We knew these five sisters who lived at Marriott House, and the Cathedral congregation enjoyed welcoming and supporting them. Michael and I sometimes took them for days out to visit the places where they had lived and worked. The Findon house had been demolished and on the site was a formidable estate of smart executive houses, which they could not recognise at all. Things were different at Lindfield, where they visited a former chaplain to the Community, Fr Lewis Hollowood, who was still living in a cottage on the site. He offered us all coffee, and we left the sisters there, and returned later to take them home after a day of nostalgic recollection and happy memories. These sisters had lived their adult lives in community, and we were greatly impressed by their readiness to adapt to a different life in a different world; they were an encouraging example to those of us who shared their new lives, and it is cheering to know that they are buried nearby.
The graves are of those who died during this period, and whose ashes were buried there by Fr Stephen Guise: Sister Ruth, Sister Jessica, Sister Janet Mary (who had moved to Woking), and Mother Doris; Sister Margaret died in 2003, and it is not clear why she has no cross, though Fr Stephen remembers burying all five.
Of the two sources I quote, Sister Jane wrote her History in 2004, with an account of events and memories from several of the sisters, and many photographs of their lives and the houses they lived in, from black and white illustrations to colour prints from their final years. Fr Stephen Guise, in the Cathedral Journal, wrote his Personal Reminiscence as George Bell House was being set up, largely through the community’s generous legacy to the Cathedral. In the various church communities of Chichester, and especially the Cathedral, there are still many beside ourselves who remember the nuns.
But their abiding legacy is a short distance from Westgate: it was this community, which had attracted considerable donations and legacies in its past, whose final bequest endowed the Cathedral house now known as 4 Canon Lane. Their legacy made possible the establishment of the former Archdeaconry as a Centre for Vocation, Education and Reconciliation, in memory of Bishop George Bell, who had been their Visitor and Bishop when they joined the order, and whom they greatly loved. It was opened by Archbishop Rowan Williams during an Anniversary Weekend in October 2008, which celebrated 900 years of the Cathedral and 50 since Bell’s death. George Bell’s name must continue to be honoured and remembered as part of the legacy of this community.
Other historical data
Notes from the Editor:
It is known that the bell, which still hangs to the side of the Church, was rung daily to call the Nuns to Vespers and that, to the delight of Westgate residents, the Verger continued this tradition beyond 2002 until he himself retired. If any residents can confirm this I would be grateful.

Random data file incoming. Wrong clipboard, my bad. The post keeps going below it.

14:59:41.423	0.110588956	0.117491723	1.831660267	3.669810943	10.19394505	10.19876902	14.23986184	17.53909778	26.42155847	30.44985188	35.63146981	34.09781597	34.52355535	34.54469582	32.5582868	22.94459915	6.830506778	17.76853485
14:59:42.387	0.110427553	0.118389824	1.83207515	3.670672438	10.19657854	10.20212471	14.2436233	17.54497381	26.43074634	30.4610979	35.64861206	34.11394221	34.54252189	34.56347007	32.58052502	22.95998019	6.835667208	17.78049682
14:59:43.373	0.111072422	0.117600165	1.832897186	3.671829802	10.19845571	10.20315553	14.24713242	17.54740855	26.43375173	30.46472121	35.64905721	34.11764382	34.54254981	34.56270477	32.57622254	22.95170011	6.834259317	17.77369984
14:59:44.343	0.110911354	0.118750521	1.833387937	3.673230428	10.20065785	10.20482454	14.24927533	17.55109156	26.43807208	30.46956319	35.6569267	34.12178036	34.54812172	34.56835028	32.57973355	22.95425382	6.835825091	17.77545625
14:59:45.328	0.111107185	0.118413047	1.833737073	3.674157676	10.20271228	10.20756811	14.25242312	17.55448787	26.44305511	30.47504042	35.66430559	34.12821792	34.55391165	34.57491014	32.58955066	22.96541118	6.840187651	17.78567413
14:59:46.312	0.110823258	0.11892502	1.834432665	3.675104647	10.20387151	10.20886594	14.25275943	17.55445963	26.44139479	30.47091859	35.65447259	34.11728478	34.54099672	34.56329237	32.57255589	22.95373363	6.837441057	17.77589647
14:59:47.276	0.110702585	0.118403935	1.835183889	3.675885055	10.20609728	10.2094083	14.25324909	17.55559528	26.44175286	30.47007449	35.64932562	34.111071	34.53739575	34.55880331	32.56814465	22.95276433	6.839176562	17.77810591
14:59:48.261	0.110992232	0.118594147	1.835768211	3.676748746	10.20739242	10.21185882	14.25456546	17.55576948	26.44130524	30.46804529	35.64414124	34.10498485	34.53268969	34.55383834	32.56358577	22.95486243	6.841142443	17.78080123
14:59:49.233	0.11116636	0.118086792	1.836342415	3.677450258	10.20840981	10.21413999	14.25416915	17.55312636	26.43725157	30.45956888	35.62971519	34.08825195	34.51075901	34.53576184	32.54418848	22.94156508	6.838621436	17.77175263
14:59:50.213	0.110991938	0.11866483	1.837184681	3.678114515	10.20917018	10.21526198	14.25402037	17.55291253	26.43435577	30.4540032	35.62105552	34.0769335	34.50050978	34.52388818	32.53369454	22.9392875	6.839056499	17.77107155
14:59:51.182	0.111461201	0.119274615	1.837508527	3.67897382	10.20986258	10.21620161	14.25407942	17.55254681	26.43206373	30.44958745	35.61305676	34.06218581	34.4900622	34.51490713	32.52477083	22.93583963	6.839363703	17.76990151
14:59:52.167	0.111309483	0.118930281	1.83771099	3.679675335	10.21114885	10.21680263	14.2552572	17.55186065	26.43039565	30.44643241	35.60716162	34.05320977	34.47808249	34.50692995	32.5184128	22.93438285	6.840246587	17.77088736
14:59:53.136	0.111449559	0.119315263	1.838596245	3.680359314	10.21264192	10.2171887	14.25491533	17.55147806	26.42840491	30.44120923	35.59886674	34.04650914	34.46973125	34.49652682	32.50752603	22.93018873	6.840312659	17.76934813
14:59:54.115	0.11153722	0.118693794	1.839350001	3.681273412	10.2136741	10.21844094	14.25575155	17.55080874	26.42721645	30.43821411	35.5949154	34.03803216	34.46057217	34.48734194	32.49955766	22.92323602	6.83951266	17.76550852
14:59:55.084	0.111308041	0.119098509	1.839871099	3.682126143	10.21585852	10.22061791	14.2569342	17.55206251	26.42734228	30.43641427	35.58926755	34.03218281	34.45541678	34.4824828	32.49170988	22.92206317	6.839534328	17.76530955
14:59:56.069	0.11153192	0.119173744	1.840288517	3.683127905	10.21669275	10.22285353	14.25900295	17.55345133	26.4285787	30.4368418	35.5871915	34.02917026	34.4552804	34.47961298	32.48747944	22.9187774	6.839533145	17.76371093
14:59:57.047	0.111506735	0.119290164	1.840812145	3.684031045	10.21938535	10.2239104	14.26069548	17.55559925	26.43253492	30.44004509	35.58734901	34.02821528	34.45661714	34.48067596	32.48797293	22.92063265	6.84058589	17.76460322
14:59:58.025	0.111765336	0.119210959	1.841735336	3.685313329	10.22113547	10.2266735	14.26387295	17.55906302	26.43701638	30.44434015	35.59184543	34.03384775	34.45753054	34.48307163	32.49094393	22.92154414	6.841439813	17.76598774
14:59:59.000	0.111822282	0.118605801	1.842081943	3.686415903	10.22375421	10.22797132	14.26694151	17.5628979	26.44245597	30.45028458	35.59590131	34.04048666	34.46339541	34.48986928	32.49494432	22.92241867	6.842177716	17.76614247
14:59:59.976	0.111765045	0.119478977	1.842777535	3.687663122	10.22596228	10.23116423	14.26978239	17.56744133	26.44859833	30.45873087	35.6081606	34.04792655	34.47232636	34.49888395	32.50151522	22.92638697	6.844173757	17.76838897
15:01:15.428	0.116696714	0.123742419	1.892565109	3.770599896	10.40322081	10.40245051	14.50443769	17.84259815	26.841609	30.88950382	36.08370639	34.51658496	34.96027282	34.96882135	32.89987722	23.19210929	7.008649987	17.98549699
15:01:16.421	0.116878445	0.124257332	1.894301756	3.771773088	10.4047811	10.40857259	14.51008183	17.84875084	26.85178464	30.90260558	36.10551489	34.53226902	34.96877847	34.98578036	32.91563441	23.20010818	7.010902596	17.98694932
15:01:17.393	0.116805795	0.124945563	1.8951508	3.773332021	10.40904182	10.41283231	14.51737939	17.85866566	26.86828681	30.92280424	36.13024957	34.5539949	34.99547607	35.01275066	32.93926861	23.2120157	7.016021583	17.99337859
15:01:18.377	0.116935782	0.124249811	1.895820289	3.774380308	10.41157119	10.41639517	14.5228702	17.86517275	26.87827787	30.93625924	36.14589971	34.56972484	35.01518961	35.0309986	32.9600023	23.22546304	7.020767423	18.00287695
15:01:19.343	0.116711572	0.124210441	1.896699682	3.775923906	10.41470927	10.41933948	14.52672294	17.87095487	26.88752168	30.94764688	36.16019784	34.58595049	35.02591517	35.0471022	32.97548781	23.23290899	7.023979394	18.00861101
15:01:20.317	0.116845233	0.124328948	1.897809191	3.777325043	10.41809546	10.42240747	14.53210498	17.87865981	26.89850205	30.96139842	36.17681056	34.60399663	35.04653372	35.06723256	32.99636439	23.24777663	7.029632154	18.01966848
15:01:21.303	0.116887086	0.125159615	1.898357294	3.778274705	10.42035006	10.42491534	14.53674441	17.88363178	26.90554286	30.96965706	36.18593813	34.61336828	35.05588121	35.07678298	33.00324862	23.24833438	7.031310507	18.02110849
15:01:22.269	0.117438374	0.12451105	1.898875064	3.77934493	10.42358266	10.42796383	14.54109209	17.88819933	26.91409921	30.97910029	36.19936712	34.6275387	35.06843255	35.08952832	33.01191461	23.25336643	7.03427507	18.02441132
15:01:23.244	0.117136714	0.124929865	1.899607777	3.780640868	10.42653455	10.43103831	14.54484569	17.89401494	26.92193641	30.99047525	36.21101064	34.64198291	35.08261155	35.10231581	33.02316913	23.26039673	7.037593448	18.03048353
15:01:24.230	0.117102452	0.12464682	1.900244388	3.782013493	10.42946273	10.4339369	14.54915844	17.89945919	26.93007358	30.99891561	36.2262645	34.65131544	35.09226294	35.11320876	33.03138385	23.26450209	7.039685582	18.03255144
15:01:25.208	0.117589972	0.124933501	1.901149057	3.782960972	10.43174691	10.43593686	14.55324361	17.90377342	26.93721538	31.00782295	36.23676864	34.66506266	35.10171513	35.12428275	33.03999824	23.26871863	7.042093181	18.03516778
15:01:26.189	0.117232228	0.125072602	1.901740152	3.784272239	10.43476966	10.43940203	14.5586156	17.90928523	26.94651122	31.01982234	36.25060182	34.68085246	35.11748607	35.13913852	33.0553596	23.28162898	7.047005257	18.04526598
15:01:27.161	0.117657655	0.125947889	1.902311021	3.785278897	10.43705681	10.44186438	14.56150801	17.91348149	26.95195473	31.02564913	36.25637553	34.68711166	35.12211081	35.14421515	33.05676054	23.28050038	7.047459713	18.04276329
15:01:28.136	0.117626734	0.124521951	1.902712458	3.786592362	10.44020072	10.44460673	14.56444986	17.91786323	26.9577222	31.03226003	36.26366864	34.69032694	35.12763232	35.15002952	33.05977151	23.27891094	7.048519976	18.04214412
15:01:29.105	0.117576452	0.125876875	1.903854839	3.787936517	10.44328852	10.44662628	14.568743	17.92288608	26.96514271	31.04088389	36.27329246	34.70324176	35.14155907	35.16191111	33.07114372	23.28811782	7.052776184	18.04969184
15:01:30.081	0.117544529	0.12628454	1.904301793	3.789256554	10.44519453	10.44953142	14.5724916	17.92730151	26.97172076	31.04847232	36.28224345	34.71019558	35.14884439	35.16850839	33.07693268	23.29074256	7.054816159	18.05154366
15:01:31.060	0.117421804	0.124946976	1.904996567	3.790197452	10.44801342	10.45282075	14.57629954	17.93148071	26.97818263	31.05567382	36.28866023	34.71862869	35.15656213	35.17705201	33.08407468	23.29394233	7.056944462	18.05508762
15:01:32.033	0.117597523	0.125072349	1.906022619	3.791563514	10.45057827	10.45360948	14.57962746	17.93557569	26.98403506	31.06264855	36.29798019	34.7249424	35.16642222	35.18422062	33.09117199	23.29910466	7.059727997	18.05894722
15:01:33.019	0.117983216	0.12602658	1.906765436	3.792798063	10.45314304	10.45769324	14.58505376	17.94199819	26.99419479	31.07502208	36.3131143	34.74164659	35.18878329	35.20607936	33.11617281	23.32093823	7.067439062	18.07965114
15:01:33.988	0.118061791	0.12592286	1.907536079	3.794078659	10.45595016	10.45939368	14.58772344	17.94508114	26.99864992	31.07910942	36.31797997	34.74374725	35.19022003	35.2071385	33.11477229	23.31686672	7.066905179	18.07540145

The residuary body of the Theological College was and is still administered by the Bishop’s Palace and the final years of this religious order were administered by the Mother Agnes Trust until 2003, when the order died out with the death of Sister Margaret.
The Mother Agnes Trust still exists to promote the Christian religion through the advancement and promotion of theological training and education, the maintenance of a theological library and the relief of aged, sick or needy nuns who have been professed members of an Anglican Order – as in this case. The charity still has an income of £120,000 and spends £40,500 on its religious objectives.
The first Nuns to die were in the winter of 1999. Sister Ruth Collins was a local girl, born in East Preston on 23rd October 1907 and died in the January of 1999, aged 92.
Sister Jessica Abrams followed in the February, aged 89. Interestingly, the public record shows that she was born on the 30th March 1909 so her memorial cross has the wrong birth year.
Almost to the end and as is usual, the Order did have a senior Nun in charge, in the person of Mother Doris Rowe. Doris Molly Rowe was born in Steyning on the 1st July 1917, during the First World War, and died in October 2001 at the age of 84. Her mother’s name might possibly have been Florence Rowe, née Long who got married in Brighton in June 1916.
Sister Janet Mary Miller at the ripe old age of 94.
As mentioned above, the fifth Sister Margaret died in 2003, and it is not clear why she has no cross, though Fr Stephen remembers burying all five! Two other nuns survived the closure of the Order in 2004 (see above) but nothing is known of their last resting place. All three remain truly “hidden from history”.
We are grateful to Rachel Moriarty for completing the details of the lives of these women or their stories would have died with them. Their ashes lie in peace in the Churchyard of St Bartholomew’s, the sole reminder today of the self-effacing service of these five local women.
 Sister Jane of the Cross, Surprised by Joy, A History of the Community of the Servants of the Cross, published by SMH Books, Pulborough, (ISBN 0-9534611-3-0)
 The Revd Stephen Guise, ‘The Community of the Servants of the Cross: “The Chichester Years 1997-2004: A Personal Reminiscence”’, in The Chichester Cathedral Journal, 2008, pp16-20, and see the Journal for 2009, picture on p 24, published by Chichester Cathedral, 2008 and 2009.
 This phrase is quoted without attribution in Surprised by Joy, p 4, but is presumably taken from a foundation document.
If any resident has any other information on this Hidden History, then do please contact us with what you know and we will update this article further. Many thanks!